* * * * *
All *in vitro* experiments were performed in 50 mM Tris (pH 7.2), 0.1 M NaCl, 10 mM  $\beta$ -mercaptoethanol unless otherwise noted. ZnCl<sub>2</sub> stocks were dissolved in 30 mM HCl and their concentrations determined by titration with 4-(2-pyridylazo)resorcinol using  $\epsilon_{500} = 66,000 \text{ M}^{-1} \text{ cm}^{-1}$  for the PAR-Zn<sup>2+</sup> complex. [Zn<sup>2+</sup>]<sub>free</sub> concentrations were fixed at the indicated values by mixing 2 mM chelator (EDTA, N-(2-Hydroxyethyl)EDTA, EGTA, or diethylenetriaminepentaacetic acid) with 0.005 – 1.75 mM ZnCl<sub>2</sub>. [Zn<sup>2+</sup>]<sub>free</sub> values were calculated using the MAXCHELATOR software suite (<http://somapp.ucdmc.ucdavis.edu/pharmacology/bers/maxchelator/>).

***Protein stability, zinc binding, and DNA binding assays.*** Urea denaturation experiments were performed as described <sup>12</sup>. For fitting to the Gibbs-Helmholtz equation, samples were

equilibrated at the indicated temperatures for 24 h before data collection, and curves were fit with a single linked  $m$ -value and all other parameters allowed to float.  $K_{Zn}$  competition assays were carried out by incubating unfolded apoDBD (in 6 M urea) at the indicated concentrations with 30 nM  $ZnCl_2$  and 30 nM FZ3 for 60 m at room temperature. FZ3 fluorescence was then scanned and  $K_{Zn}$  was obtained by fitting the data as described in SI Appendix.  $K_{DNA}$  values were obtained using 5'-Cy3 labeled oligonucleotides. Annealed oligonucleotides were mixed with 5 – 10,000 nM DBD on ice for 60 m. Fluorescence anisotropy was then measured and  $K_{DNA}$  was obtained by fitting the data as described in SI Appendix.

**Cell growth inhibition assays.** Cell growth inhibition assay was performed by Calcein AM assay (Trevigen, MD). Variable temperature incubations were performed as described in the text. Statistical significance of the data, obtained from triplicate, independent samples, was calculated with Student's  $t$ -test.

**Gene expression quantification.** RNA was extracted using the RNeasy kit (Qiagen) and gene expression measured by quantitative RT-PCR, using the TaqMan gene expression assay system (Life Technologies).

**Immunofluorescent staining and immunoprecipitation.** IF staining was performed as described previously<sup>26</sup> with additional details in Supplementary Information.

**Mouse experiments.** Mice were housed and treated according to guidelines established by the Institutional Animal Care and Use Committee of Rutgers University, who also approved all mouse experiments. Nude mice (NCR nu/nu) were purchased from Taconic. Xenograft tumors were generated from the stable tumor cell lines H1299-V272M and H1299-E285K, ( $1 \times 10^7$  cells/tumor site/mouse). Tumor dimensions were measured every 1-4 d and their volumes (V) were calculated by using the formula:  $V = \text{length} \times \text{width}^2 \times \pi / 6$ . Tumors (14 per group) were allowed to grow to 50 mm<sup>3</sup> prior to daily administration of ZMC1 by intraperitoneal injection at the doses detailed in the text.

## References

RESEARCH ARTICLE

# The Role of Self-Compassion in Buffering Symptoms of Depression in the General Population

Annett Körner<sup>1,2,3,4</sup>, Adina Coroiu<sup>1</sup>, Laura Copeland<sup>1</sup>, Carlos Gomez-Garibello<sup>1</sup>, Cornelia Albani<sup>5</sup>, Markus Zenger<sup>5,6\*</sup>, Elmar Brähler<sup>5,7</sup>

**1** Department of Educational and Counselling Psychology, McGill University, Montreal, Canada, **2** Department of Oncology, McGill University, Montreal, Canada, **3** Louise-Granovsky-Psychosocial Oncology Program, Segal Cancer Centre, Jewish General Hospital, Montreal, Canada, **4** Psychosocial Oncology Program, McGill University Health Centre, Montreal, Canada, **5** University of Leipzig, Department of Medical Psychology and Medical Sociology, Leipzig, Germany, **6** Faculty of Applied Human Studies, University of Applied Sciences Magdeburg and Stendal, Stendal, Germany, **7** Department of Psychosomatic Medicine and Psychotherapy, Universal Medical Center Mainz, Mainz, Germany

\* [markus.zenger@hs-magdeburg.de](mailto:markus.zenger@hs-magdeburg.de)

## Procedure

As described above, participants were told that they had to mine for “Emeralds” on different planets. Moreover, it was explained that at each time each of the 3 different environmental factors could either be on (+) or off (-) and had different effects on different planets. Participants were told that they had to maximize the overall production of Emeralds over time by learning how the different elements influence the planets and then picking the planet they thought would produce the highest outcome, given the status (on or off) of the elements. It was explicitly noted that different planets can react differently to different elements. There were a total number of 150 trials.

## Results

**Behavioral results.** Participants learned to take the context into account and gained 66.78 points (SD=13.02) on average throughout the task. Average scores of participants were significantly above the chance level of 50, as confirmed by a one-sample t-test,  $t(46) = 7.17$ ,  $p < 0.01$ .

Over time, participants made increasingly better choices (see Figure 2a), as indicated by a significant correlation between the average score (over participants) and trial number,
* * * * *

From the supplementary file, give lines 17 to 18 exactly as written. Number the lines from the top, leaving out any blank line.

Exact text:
**Behavioral results.** Participants learned to take the context into account and gained 66.78 points (SD=13.02) on average throughout the task. Average scores of participants were significantly above the chance level of 50, as confirmed by a one-sample t-test,  $t(46) = 7.17$ ,  $p < 0.01$ .

Over time, participants made increasingly better choices (see Figure 2a), as indicated by a significant correlation between the average score (over participants) and trial number,